Support services are doing the best they can, and families and friends are urged to check on the elderly and report problems to the police.  This Monday, our public radio station, WLRN will have a ‘post-mortem’ of the storm preparedness and take calls from the public and government officials so we all can learn from this experience and find ways to do better the next time.

As I mentioned, people we met along the way and in areas where we stayed were very nice and helpful. The Welcome Center in New Orleans was great and gave us good ideas on things we could do, places to eat and support that we would get through the storm.  People were generous with their time and advice. Also, we were overwhelmed by the support from our family and friends. We kept people updated via text messages and phone calls. Many of the phone companies said they will wave the fees for data usage which was helpful. Keeping the phone charged was a priority so we had a way to communicate. Many people who stayed during the hurricane found they were without their communication devices which caused and is still causing ng much anxiety.

As we adjust and come to know the damage caused by Hurricane Irma my husband and I are talking about what we need to do to better secure our home for the next hurricane. We know we will have to invest in some upgrades like permanent shutters or replace windows that are not hurricane ready. As we get older, it is unclear how much longer we can do the work it takes to prepare and secure our home as well as tackling the clean up after the storm passes. All options are on the table.  

One thing most people agree on is, that with global warming, hurricanes and other natural events will become more intense and our areas are more at risk. Taking the time to prepare our homes, look at evacuation routes and have the necessary insurance will be important going forward.

Stay safe!

PS. Let me know how you and your families fared during Hurricane Henry and Irma. Sharing stories help others learn. Leave a post or shoot me an email at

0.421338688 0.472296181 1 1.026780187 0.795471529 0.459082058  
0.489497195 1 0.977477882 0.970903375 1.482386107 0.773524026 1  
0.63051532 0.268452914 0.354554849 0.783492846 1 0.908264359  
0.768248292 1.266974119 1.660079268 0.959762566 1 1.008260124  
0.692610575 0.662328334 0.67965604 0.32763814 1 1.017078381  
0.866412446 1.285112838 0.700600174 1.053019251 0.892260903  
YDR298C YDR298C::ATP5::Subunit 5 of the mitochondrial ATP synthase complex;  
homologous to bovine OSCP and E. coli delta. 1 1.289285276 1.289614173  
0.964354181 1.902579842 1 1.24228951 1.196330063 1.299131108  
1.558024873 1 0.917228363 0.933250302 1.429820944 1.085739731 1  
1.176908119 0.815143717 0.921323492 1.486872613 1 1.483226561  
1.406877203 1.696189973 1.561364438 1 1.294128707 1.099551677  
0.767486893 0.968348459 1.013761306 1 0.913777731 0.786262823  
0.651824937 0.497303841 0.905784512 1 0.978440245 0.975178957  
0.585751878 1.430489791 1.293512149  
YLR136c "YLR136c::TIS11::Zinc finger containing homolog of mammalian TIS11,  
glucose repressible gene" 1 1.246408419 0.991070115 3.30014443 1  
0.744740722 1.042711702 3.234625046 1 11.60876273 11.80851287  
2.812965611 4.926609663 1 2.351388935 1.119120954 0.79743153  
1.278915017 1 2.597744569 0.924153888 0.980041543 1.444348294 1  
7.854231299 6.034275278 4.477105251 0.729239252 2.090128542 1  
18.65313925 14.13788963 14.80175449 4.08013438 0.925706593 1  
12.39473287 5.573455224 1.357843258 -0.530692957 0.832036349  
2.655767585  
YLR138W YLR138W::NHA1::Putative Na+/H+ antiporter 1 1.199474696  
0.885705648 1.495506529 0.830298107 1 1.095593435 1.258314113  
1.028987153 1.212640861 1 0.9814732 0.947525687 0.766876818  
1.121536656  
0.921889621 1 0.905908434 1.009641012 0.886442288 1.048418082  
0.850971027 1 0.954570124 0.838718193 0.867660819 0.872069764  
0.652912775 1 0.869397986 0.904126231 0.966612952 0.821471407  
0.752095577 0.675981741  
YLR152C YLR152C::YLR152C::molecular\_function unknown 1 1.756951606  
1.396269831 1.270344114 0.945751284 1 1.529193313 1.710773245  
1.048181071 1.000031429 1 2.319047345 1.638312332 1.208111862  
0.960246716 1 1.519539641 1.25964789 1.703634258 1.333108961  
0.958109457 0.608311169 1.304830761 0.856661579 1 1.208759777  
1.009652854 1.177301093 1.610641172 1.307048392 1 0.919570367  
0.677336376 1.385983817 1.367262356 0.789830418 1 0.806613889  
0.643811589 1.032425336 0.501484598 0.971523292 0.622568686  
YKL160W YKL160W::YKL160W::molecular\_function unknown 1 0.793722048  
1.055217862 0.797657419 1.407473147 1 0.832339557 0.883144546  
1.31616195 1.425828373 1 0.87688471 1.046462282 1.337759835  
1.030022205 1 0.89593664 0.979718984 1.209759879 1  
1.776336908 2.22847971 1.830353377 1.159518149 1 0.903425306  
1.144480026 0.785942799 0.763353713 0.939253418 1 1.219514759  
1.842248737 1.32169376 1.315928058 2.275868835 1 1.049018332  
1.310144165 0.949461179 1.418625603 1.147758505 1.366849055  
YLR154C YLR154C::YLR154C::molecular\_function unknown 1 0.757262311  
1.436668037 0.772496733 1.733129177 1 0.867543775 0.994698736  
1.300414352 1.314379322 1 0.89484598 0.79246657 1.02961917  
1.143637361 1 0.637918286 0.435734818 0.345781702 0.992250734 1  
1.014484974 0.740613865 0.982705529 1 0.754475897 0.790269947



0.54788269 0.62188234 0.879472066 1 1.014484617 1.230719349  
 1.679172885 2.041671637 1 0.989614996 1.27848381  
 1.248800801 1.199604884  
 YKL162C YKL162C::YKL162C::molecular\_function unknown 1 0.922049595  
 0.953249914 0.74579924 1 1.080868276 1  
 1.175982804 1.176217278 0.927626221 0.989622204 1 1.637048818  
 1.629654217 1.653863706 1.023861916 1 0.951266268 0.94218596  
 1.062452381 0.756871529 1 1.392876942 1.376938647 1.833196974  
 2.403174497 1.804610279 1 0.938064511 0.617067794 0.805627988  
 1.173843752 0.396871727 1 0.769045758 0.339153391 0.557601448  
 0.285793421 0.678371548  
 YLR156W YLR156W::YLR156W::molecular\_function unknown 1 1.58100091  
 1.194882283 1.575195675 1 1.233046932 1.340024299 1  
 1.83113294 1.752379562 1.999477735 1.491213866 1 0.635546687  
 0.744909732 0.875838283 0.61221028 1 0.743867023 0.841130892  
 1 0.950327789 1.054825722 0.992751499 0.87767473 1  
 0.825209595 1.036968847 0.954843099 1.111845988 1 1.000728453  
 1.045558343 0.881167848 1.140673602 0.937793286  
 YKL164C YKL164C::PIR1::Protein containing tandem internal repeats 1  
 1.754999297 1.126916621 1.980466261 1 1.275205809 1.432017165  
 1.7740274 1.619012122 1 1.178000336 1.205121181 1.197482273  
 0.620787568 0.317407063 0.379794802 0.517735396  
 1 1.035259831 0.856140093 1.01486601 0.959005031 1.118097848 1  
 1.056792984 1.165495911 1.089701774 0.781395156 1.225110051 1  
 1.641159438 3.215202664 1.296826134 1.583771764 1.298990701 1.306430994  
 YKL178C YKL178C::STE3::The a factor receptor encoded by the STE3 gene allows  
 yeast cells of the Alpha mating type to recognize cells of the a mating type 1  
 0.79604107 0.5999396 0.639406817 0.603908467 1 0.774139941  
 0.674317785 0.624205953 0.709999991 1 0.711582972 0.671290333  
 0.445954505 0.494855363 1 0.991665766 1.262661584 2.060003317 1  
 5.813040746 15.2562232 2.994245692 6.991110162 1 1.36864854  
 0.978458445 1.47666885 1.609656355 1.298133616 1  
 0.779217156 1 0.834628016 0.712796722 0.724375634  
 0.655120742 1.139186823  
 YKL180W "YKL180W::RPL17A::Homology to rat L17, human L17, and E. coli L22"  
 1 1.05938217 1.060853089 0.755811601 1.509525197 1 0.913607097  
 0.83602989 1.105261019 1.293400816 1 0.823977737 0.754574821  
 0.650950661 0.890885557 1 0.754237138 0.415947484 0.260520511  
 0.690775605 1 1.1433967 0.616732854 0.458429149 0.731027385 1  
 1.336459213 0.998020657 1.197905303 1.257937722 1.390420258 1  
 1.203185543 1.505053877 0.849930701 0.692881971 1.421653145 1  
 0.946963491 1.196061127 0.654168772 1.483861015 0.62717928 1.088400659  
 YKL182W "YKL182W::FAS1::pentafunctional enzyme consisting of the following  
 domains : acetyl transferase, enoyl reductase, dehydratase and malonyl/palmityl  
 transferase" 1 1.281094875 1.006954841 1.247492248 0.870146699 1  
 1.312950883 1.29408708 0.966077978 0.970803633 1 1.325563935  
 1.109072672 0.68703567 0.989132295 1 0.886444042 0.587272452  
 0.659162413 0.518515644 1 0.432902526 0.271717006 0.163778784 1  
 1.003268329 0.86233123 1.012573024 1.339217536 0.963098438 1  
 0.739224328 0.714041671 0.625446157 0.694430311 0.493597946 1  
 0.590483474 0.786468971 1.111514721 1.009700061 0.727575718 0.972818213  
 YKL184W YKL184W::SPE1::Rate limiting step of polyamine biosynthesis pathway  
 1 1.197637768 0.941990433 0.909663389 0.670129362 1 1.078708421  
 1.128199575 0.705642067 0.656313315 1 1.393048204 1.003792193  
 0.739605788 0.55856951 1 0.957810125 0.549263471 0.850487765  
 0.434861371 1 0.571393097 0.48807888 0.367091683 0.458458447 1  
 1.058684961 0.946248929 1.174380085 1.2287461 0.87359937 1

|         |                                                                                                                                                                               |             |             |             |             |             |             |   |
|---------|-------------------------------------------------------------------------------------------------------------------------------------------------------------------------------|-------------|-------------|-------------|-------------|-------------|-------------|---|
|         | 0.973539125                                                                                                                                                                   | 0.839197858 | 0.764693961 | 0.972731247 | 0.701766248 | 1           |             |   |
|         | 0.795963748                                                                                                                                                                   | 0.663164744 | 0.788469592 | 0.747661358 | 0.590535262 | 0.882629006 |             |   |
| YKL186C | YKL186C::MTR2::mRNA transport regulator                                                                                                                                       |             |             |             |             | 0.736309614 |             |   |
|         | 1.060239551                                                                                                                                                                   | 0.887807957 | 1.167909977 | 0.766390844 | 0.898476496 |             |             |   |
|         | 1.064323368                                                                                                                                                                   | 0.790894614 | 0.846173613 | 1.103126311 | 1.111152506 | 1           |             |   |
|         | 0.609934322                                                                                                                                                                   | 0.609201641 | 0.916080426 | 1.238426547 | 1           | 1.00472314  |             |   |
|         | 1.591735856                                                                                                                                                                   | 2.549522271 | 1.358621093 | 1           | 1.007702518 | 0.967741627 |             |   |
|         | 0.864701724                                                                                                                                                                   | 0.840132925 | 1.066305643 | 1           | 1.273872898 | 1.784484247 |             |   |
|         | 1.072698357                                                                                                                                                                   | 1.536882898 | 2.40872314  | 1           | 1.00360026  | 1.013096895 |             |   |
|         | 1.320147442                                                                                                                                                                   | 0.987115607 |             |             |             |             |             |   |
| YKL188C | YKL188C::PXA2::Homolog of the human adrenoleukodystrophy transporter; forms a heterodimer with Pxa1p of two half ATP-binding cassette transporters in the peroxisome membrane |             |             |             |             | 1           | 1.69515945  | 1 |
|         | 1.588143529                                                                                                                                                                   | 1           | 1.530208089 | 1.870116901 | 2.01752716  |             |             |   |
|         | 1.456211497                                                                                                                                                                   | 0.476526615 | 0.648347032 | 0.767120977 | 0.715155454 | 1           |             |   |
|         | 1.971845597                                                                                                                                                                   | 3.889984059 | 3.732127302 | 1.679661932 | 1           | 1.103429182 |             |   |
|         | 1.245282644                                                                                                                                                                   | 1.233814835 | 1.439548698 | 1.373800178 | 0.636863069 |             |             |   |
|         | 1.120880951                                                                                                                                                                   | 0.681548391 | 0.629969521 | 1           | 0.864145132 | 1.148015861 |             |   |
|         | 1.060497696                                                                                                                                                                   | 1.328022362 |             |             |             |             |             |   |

Additional Comments

I talked to two friends of mine who rode out the Irma at their homes in South Florida. One was in South Miami and the other in Tamarac Fl. Both said they had transistor radios that were battery operated that really helped them during the storm, especially with the Tornado warnings. When the warnings came, they would move to a walk-in closet and wait for the all clear. They said these were scary and nerve-wracking as they did not know what to expect. The radio's helped as it kept them connected especially after the power went out.

Sunday, September 3, 2017

The Rise of the Empowered Consumer

Today consumers are being asked to take a more active role in their health and healthcare. But to be effective, they need help to understand how the system works and what their role is in the complex world of healthcare.

If we are honest, most of us don’t worry about our health care or how to use the health care system until something happens to us and we are thrust into a complex, fragmented and costly system. By taking the time to learn how the system works and our role in the system before we need it allows us to be in a better position to make informed decisions regarding our health and health care. 

In this edition of Nurse Advocate, I  share 10 tips that each of us can use to help us to better understand the complex world of healthcare and our responsibility as consumers of health care.  See how many of these tips you are doing! If you have questions on any of these points, let me know.
  • Use the tools offered to you by your insurance company. When you are enrolled in a healthcare insurance plan, you are usually given a member handbook. If you are not given a hard copy, you might be directed to the company’s website where you can download it.  Regardless of how you get it, the first thing you should do is read it - as it will help you know the benefits offered to you as a member. Being familiar with your policy helps you know how you can use your policy to its full potential. If you have questions, do not hesitate to call your insurance company. The member service line is a good way to get information and have questions answered.  When you call, they will verify that you are a member, so have your insurance card in front of you. Have a notebook so you can take notes. Note the date and time of the call and ask for the name of the person you are talking to. This will help if you have to call back or have a problem. The person you are talking to is also taking notes on what they tell you. Many times they will give you a reference number so if you have to call back the reference number will allow your conversation to be recalled by another member of the member service team.